Our tax system is in serious disrepair, but the double tax on dividends is not the most pressing problem.

Ending taxes on dividends might temporarily generate more commissions for Charles Schwab, the brokerage executive who promoted the idea to President Bush at a conference last August. But economists at the Congressional Research Service recently concluded that a dividend exclusion is unlikely to stimulate the economy.

As tax experts, we recognize that there are legitimate reasons to eliminate the double tax on dividends. However, we believe that these reasons are outweighed by the distortions that Bush's proposal would create, the complexity that it would add to our already mammoth Internal Revenue Code and the cottage industry of tax shelters that will develop if the proposal is enacted. In the past two years, Japan, England and Germany have repealed or scaled back their own schemes to avoid double taxation of dividends. Congress should not repeat their initial mistake by enacting one.

The legitimate reason to exempt dividends from tax is this: Under our current tax system, corporate earnings are effectively taxed twice -- first, in the hands of corporations, which are taxed on the profits they make, and then again when the payouts reach the hands of a taxable investor. This double hit, some experts argue, discourages businesses from organizing as corporations, penalizes firms that pay dividends and encourages corporations to borrow money and pay tax-deductible interest rather than nondeductible dividends.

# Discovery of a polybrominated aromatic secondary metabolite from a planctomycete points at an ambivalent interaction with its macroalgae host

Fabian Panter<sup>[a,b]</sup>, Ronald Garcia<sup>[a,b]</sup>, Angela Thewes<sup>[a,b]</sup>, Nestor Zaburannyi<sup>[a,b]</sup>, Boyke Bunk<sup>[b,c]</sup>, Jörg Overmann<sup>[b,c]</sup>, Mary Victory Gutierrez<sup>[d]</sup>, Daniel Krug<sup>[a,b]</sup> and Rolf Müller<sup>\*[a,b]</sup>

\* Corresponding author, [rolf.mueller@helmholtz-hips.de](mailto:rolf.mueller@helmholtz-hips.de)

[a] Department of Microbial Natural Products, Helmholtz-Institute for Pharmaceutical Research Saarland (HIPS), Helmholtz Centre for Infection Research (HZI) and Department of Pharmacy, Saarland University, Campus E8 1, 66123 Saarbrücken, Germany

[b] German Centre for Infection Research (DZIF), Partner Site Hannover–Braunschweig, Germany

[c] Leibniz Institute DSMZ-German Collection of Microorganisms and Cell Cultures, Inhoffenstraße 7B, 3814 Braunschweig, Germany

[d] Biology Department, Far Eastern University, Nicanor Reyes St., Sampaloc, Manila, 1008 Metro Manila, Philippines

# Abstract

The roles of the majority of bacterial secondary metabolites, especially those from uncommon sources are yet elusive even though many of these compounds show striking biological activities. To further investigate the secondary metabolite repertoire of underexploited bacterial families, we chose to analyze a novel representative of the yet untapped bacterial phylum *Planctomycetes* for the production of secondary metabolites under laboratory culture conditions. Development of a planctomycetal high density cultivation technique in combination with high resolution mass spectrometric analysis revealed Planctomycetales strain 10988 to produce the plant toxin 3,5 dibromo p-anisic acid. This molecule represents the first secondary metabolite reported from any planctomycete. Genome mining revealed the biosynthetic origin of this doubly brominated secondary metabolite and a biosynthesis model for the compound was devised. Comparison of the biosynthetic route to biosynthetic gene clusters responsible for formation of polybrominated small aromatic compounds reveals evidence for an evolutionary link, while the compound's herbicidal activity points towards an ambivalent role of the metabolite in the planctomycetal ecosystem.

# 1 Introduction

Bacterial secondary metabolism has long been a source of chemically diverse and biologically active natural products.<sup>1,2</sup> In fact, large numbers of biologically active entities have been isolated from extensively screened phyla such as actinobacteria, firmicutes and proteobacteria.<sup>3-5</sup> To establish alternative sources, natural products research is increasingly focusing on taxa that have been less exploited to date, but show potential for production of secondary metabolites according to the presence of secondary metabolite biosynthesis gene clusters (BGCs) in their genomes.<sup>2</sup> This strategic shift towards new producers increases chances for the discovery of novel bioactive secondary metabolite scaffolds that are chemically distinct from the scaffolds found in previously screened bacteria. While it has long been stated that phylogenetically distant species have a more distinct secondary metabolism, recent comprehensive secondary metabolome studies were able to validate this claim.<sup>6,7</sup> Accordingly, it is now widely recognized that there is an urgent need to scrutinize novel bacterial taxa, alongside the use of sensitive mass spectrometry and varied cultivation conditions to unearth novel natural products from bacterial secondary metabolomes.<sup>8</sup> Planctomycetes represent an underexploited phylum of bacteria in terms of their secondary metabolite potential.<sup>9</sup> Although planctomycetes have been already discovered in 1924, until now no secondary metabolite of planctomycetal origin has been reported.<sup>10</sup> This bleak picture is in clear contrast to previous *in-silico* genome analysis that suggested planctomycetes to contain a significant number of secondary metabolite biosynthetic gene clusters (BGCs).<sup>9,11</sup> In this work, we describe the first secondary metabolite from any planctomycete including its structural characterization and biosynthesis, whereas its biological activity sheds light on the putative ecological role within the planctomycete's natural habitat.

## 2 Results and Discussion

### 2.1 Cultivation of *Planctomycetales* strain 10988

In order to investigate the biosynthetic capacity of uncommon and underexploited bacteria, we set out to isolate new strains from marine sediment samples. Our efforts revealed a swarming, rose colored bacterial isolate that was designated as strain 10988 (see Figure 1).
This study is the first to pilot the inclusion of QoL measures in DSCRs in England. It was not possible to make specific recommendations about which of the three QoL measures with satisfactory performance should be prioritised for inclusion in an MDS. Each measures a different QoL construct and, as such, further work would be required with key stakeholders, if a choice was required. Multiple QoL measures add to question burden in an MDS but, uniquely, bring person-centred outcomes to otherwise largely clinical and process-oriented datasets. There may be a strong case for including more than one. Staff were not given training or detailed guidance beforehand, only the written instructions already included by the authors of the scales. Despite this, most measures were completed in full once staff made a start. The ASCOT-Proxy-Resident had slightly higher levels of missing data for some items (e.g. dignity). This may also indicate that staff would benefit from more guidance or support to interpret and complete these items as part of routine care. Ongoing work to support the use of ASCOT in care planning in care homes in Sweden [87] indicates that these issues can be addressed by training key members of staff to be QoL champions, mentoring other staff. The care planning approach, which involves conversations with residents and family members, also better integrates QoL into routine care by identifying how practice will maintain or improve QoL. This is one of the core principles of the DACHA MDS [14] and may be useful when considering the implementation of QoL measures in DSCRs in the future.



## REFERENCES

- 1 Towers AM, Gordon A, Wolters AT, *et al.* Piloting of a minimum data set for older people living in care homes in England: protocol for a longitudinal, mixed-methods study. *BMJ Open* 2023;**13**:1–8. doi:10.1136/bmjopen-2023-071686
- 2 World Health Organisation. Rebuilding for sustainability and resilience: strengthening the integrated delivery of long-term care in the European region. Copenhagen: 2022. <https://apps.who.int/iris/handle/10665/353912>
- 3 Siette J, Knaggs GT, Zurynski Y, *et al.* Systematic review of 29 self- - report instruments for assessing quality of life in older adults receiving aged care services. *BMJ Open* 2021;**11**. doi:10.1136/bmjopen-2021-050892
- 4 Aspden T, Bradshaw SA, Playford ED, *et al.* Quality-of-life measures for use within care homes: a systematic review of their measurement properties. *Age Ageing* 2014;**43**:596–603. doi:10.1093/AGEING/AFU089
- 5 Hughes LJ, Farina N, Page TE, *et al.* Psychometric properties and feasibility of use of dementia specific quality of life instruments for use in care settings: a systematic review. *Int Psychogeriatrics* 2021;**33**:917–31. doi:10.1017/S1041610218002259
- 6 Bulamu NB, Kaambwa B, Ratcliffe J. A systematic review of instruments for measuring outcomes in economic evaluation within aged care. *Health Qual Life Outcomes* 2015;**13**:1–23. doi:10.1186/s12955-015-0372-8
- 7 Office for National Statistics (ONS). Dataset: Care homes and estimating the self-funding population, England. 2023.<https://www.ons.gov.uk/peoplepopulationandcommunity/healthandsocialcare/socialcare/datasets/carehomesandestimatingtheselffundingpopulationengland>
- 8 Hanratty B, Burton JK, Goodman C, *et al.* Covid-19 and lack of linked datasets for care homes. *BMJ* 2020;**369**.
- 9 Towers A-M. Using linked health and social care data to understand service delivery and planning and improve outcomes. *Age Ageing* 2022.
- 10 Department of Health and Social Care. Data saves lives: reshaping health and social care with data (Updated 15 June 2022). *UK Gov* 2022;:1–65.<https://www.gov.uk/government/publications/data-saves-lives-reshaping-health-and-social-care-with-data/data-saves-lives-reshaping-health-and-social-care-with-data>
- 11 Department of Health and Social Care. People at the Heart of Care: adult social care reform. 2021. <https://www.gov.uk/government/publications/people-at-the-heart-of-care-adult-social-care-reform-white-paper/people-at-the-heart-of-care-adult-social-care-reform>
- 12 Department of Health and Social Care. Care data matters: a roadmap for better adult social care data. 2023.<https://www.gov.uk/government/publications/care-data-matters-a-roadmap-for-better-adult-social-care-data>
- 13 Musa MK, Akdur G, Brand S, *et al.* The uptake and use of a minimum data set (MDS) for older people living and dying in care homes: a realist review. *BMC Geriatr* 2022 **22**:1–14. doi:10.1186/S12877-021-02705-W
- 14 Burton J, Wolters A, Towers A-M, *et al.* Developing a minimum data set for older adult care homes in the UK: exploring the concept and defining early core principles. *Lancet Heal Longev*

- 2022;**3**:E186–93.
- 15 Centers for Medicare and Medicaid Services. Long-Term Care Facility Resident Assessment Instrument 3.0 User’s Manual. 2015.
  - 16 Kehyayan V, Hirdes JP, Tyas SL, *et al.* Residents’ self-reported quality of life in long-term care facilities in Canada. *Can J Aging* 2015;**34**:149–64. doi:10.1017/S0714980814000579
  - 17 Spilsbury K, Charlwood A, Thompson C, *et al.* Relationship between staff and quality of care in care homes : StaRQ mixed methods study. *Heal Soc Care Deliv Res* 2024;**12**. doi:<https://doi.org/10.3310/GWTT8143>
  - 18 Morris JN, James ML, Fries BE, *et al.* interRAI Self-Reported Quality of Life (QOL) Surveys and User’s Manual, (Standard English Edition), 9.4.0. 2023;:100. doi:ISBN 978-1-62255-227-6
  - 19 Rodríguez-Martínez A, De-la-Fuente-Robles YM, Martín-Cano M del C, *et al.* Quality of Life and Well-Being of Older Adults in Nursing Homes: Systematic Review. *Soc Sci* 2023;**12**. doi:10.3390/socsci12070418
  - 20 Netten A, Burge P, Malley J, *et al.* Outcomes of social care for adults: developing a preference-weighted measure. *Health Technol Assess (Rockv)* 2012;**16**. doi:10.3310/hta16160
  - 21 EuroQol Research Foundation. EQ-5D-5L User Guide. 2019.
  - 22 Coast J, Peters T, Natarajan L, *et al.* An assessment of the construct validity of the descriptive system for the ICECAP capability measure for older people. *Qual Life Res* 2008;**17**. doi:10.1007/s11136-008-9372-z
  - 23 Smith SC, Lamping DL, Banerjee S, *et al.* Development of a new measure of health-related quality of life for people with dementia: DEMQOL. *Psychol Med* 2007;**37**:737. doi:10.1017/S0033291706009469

So goes the theory. In reality, it doesn't always work that way.

Virtually all companies (except some partnerships) whose shares are traded on public stock exchanges are taxed as corporations, and the benefits almost always outweigh the costs of a corporate tax. Thus, in 1999, when Goldman Sachs, formerly a partnership, went public, it voluntarily subjected itself to a corporate income tax in order to raise capital in public equity markets (and enrich its individual general partners). During the dot-com craze of recent years, firms rushed to do initial public offerings even though that subjected them to corporate taxes. So the corporate tax has not had any discernible effect on choices about corporate form.

One reason may be that U.S. corporations pay less tax each year. Although the top corporate tax rate is 35 percent, corporations on average pay only about 15 percent. And corporate tax collections, which were about 5 percent of GDP in the 1950s, have steadily declined to just over 2 percent today.

Despite the fact that dividends are taxable for individuals, they are already tax-free for the nation's largest shareholders: corporations themselves (which are entitled to a deduction for dividends received) and tax-exempt pension plans (which are not subject to tax on dividends). Only a third of all dividends are actually subject to tax. And there is no evidence that the taxation of dividend income has any significant effect on the dividend policies of publicly traded companies.

Although our tax laws encourage companies to borrow money and pay interest rather than dividends, exempting dividends from tax would be unlikely to cure this problem. Instead, it is equally likely that if dividends were exempt from tax, corporations would simply increase their borrowing rate to pay more dividends.

So the portrayal of the double tax on dividends as evil is more fiction than fact. Dividend exclusion is unlikely to have the desired effect of lifting the stock market, and the administration's proposal won't really cure the woes of our corporate tax system.